The latest article in the salvo by GQ against football called for action and called for reform – which is way more than the movie. The movie basically chose to go for a lay up, a non-confrontational peace agreement, rather than a call to war. Here’s how Jeanne Marie Laskas’ latest story on the topic opened:

“When Jeanne Marie Laskas started reporting on the devastating impact of repeated hits to football players’ brains in 2009, the NFL was still in denial. By now the evidence is irrefutable, and every bloody Sunday (and Monday and Thursday) it becomes a little harder not to cringe with each collision. But if you’re a guy like former star linebacker Fred McNeill who’s living with the effects of those hits, the question is: How can we keep watching the game—and how can we keep asking our kids to play it?”

And that is where Concussion, the movie, really failed. Instead of using his final success to call for significant and wide reaching reform Omalu used it to tell stories about the wonder and glory of the sport as seen through the eyes of his wife. He personally didn’t enjoy it much, but he knew others did. And so we should all hold hands, and sing campfire songs together in unity and oneness. But that left me cold. The NFL had only just been forced to listen to facts and do something… and instead Omalu chose to compliment the game that so many loved?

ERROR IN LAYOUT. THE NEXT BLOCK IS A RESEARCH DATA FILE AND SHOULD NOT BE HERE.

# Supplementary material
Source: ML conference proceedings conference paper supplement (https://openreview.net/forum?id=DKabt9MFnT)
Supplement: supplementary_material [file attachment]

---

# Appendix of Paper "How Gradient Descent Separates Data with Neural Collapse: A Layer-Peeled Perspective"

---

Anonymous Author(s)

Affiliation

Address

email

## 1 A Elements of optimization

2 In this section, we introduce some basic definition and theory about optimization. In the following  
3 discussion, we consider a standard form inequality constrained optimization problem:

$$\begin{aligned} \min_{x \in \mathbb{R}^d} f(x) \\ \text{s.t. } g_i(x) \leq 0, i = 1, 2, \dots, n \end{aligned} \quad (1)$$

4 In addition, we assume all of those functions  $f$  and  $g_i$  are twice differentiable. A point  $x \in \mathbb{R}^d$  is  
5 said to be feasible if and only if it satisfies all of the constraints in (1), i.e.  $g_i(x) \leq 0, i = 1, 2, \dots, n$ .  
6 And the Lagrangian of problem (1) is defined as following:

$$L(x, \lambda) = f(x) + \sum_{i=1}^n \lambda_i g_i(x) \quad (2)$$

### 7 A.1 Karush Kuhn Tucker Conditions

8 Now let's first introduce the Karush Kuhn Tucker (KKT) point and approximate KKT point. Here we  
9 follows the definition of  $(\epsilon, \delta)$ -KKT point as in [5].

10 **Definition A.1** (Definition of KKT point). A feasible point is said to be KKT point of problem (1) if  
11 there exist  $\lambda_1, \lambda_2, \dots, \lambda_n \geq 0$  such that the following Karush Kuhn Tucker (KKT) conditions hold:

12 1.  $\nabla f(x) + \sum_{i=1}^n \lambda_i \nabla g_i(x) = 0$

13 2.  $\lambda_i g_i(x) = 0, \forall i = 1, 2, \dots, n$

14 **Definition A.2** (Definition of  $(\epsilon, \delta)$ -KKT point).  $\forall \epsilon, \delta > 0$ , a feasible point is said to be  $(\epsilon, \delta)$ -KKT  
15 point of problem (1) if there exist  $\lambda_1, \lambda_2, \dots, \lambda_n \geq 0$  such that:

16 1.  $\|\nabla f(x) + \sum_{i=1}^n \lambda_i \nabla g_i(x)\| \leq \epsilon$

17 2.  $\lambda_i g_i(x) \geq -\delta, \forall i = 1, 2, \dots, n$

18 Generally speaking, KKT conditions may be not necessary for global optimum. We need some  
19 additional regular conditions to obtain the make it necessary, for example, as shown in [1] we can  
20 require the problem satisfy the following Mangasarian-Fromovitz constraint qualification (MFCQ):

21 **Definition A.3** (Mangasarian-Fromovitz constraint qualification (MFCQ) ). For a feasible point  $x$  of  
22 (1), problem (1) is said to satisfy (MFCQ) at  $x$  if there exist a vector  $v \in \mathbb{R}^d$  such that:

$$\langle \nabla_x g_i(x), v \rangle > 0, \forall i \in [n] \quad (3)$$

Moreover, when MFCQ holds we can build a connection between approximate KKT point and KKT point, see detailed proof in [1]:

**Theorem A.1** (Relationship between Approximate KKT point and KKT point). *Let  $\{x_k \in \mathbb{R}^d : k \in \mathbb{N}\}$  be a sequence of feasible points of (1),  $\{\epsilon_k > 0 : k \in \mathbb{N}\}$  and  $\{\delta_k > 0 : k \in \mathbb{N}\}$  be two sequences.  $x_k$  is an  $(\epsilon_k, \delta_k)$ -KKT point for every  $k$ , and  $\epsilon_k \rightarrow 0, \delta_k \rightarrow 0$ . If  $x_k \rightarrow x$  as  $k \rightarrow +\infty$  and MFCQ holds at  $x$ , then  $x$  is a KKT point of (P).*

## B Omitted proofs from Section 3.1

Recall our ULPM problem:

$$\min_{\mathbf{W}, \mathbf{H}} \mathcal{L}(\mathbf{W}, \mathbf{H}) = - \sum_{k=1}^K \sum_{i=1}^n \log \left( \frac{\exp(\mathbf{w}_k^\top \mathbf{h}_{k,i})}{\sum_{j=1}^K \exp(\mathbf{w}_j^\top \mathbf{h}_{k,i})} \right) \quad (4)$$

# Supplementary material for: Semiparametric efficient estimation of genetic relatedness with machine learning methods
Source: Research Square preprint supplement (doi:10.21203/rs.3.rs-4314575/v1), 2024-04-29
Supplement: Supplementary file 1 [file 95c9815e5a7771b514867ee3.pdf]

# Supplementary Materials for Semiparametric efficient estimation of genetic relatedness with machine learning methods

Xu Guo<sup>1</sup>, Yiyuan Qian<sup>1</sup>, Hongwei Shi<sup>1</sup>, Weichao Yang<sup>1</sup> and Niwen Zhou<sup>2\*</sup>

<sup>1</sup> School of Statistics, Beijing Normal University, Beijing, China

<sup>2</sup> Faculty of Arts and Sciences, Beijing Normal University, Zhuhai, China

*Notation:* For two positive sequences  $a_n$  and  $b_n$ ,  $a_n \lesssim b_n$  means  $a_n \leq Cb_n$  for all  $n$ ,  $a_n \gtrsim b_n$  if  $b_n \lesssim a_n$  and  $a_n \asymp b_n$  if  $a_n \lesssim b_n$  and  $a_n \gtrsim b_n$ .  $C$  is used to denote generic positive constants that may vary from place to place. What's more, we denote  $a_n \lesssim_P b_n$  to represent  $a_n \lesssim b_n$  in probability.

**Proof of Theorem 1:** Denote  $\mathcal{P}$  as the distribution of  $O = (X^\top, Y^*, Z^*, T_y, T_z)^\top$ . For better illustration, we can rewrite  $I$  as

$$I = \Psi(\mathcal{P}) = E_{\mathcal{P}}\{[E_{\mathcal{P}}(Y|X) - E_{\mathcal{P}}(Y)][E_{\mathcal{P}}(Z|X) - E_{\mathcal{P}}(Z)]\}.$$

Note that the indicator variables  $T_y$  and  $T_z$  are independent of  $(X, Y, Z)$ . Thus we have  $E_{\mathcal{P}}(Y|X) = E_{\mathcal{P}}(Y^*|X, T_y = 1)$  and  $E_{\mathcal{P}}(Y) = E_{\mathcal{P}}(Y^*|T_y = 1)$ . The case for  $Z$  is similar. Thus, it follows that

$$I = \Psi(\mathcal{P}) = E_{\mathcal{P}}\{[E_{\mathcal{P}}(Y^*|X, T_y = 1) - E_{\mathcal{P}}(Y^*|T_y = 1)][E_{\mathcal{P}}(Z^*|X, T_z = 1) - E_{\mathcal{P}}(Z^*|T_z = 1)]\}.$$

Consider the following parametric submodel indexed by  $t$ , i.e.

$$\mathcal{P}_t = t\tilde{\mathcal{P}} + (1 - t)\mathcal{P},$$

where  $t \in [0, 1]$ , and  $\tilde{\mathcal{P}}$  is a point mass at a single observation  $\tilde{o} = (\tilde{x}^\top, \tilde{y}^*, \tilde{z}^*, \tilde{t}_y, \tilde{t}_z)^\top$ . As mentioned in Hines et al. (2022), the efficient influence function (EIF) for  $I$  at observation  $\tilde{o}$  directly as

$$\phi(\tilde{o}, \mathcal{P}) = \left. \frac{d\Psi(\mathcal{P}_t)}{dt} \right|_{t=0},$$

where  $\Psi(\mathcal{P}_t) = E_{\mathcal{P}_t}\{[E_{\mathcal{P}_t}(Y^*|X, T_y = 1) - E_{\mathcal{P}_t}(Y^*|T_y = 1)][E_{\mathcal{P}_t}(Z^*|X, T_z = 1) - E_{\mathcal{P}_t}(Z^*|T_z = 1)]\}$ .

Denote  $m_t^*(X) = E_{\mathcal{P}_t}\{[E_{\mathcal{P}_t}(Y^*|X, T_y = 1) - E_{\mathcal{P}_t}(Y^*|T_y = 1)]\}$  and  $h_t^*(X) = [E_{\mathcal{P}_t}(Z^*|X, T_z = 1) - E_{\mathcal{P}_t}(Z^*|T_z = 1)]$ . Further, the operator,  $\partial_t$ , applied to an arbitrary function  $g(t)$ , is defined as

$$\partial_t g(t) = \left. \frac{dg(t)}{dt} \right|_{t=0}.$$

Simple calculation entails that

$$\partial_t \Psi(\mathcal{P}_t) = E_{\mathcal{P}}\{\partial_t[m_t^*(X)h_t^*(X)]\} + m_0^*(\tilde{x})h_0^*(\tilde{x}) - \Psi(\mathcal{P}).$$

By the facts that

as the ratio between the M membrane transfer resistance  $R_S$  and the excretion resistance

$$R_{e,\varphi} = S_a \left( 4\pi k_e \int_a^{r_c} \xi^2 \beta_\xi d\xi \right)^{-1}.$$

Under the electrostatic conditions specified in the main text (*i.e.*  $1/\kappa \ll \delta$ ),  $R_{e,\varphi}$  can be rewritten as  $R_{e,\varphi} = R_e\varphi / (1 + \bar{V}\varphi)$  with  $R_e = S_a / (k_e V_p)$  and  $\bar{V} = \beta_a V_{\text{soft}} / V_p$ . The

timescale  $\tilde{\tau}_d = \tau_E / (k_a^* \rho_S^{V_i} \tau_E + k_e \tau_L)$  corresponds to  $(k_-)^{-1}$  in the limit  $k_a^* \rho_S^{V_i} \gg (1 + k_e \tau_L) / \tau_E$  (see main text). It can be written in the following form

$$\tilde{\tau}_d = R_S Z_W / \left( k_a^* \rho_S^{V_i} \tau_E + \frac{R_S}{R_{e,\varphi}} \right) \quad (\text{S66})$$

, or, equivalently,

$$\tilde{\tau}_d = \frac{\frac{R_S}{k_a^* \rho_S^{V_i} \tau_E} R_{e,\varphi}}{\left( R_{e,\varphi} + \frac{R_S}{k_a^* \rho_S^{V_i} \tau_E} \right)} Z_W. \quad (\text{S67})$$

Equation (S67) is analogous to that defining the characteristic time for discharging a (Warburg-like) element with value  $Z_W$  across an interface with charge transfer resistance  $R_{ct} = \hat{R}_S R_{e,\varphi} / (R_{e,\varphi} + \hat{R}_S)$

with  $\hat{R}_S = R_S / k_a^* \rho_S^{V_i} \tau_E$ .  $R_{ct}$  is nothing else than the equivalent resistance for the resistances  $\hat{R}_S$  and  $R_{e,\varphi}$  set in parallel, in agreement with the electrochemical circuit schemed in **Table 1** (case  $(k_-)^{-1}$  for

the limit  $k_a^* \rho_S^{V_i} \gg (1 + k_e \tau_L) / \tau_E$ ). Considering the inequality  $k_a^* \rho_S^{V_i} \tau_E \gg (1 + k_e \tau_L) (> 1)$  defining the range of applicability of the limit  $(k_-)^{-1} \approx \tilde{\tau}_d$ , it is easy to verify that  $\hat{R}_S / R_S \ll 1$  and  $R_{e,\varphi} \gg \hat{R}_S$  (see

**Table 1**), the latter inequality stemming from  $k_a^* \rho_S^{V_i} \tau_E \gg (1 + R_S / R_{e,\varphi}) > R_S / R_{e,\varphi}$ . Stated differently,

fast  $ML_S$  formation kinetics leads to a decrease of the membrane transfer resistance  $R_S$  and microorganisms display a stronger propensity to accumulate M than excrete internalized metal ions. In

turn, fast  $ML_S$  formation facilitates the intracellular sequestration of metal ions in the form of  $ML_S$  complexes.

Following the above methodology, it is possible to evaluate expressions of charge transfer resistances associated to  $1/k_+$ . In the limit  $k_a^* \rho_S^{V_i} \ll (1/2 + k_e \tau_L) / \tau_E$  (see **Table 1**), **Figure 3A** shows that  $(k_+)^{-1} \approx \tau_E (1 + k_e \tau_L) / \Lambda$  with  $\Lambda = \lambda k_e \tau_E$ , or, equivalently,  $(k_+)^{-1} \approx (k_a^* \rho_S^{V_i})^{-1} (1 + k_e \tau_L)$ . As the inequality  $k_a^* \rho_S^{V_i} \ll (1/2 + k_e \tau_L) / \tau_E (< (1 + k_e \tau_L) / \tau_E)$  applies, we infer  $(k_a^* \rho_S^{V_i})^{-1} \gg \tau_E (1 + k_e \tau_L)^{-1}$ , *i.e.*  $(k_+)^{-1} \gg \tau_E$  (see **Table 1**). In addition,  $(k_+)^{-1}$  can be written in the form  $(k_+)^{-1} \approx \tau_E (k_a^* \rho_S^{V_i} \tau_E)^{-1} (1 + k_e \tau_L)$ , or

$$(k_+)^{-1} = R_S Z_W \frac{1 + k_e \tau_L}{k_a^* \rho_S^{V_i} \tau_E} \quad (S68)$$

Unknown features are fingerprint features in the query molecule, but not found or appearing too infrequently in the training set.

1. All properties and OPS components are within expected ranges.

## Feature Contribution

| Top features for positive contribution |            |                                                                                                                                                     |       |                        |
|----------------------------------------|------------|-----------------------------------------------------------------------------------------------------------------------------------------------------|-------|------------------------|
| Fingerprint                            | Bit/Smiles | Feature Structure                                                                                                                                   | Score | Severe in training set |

No no no. Just feels weak and hollow at this point. Real reform is what needed to be called for at the end of the movie. Real change. But it felt as though the movie collapsed under it’s own weight, unsure of where to go next. And maybe that is just the reality of the day. Having just gotten the NFL to listen, what are we to do now? We can’t exactly end the game, right? Which basically means to me, that if they didn’t have a firm ending in mind, a clear call to action… why bother?